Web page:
This section is from the book "Cyclopedia Of Architecture, Carpentry, And Building", by James C. et al. Also available from Amazon: Cyclopedia Of Architecture, Carpentry And Building.

A great deal of T-beam computation is done on the basis that the center of pressure of the concrete is at the middle of the slab, and therefore that the lever-arm of the steel = d - 1/2 t. From these assumptions we may write the approximate formula:

Ms = As (d-1/2t) ..(37)

If the values of Ms and s are known or assumed, we may assume a reasonable value for either A or (d - 1/2 t) and calculate the corresponding value of the other. On the assumption that the slab takes all the compression, the distance between the steel and the center of compression of the concrete varies between (d - 1/2 t) and (d - .14t), which is the approximate value when the beam becomes so small that it merges into the slab. The smaller value (d - 1/2t) is the absolute limit which is never reached. Therefore the lever-arm is always larger than (d - 1/2t). Therefore, if we use Equation 37 to compute the area of steel A for a definite moment Ms and unit steel tension s, the resulting value of A for an assumed depth d, or the resulting value of d for an assumed area A, will be larger than necessary. In either case the result is safe, but uneconomically so.

As an illustration, using the values in Example 2, Article 291, of Ms = 1,350,000; s = 16,000; (d - 1/2 t) = (26.5 - 2) - 24.5, the resulting value of A = 3 44 square inches, which is larger than the more precise value previously computed.

Equation 37 is particularly applicable when the neutral axis is in the rib. Under this condition, the average pressure on the concrete of the slab is always greater than 1/2 c, or at least it is never less than 1/2c. As before explained, the average pressure just equals 1/2c when the neutral axis is at the bottom of the slab. We may therefore say that the total pressure on the slab is always greater than 1/2 c b t. We therefore write the approximate equation:

Mc=1/2 cb't (d- 1/2t)..(38)

As before, the values obtained from this equation are safe, but are unnecessarily so. Applying them to Example 2, Article 291, by substituting Mc = 1,350,000, b' = 60, t = 4, and (d - 1/2t) = 24.5, we compute c = 459. But we know that this approximate value of c is greater than the true value; and if this value is safe, then the true value is certainly safe. The more accurate value of c, computed in Article 291, is 352. If the value of c in Equation 38 is assumed, and the value of d is omputed, the result is a depth of beam unnecessarily great.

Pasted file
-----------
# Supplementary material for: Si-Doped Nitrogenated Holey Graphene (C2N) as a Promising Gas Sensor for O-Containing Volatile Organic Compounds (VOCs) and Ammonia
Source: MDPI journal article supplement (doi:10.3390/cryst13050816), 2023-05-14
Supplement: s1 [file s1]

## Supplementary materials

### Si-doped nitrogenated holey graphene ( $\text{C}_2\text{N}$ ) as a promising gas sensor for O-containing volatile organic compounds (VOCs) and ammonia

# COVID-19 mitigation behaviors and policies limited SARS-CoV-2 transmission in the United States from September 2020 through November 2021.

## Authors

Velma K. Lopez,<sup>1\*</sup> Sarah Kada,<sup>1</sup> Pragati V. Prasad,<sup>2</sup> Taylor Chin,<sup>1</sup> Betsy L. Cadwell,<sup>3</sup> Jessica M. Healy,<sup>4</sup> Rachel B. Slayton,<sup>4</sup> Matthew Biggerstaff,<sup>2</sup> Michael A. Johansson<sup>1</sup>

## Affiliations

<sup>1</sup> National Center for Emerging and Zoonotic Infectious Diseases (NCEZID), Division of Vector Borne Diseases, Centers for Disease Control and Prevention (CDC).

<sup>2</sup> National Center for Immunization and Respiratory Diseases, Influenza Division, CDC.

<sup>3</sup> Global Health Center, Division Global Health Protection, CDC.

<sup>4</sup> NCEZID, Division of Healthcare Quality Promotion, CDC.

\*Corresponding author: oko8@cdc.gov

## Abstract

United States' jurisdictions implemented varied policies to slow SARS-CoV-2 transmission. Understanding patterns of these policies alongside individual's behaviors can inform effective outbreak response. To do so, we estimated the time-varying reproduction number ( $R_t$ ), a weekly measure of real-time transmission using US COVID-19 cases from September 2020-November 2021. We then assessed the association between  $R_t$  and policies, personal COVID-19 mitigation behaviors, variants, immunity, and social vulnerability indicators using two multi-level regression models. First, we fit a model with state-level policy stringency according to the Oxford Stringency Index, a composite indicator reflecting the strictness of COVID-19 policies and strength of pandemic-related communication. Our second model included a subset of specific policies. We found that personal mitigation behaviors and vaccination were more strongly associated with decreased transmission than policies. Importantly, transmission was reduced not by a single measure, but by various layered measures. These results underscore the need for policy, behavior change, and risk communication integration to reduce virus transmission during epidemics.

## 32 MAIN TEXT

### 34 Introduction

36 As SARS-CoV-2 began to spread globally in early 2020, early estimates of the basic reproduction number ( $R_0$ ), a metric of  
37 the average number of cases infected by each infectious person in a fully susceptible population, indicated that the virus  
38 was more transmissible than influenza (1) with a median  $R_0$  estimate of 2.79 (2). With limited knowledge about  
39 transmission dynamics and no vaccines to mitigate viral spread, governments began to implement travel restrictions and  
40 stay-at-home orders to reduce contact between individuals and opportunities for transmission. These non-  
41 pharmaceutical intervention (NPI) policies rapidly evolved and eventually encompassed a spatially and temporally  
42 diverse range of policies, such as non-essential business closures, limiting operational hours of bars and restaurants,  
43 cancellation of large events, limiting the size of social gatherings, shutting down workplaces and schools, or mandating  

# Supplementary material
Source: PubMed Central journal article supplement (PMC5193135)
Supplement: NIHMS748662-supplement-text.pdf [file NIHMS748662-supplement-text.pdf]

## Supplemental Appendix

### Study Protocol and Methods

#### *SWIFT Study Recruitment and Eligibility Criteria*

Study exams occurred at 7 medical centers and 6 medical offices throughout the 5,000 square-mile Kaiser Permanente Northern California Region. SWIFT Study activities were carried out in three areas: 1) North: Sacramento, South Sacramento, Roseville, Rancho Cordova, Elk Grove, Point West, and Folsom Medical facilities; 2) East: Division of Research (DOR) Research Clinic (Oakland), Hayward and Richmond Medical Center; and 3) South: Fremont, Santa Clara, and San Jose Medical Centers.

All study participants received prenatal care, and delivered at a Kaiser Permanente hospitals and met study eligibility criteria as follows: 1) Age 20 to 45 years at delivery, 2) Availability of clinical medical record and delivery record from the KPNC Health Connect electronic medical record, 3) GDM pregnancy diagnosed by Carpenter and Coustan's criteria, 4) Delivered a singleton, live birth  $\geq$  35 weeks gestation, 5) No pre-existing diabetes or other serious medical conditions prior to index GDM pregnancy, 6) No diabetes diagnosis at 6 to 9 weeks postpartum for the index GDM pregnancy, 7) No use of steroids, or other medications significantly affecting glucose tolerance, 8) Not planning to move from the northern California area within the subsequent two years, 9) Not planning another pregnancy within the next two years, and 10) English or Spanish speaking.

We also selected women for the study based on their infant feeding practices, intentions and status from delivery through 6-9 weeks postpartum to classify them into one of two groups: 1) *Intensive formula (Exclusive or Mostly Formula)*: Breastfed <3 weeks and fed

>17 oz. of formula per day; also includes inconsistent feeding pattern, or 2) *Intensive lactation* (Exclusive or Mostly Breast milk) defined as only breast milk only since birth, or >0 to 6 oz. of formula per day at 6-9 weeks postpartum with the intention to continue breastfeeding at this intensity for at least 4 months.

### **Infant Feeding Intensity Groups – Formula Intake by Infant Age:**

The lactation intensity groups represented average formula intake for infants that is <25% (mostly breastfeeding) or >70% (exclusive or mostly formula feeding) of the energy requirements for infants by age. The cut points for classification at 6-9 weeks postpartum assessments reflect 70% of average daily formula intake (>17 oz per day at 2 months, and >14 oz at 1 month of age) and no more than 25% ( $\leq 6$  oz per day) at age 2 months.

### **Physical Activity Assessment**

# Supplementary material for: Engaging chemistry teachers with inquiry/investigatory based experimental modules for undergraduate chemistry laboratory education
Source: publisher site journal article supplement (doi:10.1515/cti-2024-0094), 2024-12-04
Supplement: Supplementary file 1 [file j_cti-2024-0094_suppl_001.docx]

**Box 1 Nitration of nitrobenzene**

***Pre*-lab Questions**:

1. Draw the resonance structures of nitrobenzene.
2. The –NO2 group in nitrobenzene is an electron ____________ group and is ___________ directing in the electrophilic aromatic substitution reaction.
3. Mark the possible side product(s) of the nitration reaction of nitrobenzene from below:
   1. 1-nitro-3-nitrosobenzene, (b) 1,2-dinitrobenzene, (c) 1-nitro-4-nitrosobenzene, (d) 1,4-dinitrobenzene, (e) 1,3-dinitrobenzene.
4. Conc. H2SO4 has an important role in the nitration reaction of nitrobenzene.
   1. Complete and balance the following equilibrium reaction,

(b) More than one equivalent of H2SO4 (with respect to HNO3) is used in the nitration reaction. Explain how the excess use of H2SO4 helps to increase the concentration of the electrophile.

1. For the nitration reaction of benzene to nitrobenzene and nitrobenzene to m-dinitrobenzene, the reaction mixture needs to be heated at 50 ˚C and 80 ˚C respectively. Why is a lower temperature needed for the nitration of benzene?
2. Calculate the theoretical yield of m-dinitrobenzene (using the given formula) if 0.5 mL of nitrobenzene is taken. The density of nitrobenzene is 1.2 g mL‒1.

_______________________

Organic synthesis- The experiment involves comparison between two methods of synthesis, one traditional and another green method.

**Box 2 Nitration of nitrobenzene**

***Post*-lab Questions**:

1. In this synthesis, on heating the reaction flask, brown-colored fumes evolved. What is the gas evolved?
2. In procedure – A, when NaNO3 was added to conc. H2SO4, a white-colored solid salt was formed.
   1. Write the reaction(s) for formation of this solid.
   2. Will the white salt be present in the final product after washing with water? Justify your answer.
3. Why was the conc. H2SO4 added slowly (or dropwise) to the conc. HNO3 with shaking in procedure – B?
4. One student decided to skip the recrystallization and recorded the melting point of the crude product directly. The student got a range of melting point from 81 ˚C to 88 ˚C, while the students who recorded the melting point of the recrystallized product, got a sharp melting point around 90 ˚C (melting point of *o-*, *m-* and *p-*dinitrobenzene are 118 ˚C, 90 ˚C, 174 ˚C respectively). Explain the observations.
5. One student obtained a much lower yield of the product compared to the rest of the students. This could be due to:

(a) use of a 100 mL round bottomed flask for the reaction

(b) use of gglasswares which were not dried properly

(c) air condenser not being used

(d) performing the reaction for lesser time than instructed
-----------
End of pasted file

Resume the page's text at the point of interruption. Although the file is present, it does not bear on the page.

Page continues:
If the beam is so shallow that we may know, even without the test of Equation 36, that the neutral axis is certainly within the slab, then we may know that the center of pressure is certainly less than 1/3 t from the top of the slab, and that the lever-arm is certainly less than (d - 1/3t); and we may therefore modify Equation 37 to read:

Ms = As (d - 1/3t) ..(39)

Applying this to Example 1 of Article 291, and substituting Ms = 900,000, s = 16,000, (d - - 1/3 t) = (13.75 - 1.67) = 12.08, we find that A = 4.65, instead of the 4.59 previously computed. This again illustrates that the formula gives an excessively safe value, although in this case the difference is small.

Equations 37 and 38 should be considered as a pair which are applied according as the steel or the concrete is the determining feature. When the percentage of steel is assumed (as is usual), both equations should be used to test whether the unit-stresses in both the steel and the concrete are safe. It is impracticable to form a simple approximate equation corresponding to Equation 39, which will express the moment as a function of the compression in the concrete. Fortunately it is unnecessary, since, when the neutral axis is within the slab, there is always an abundance of compressive strength.

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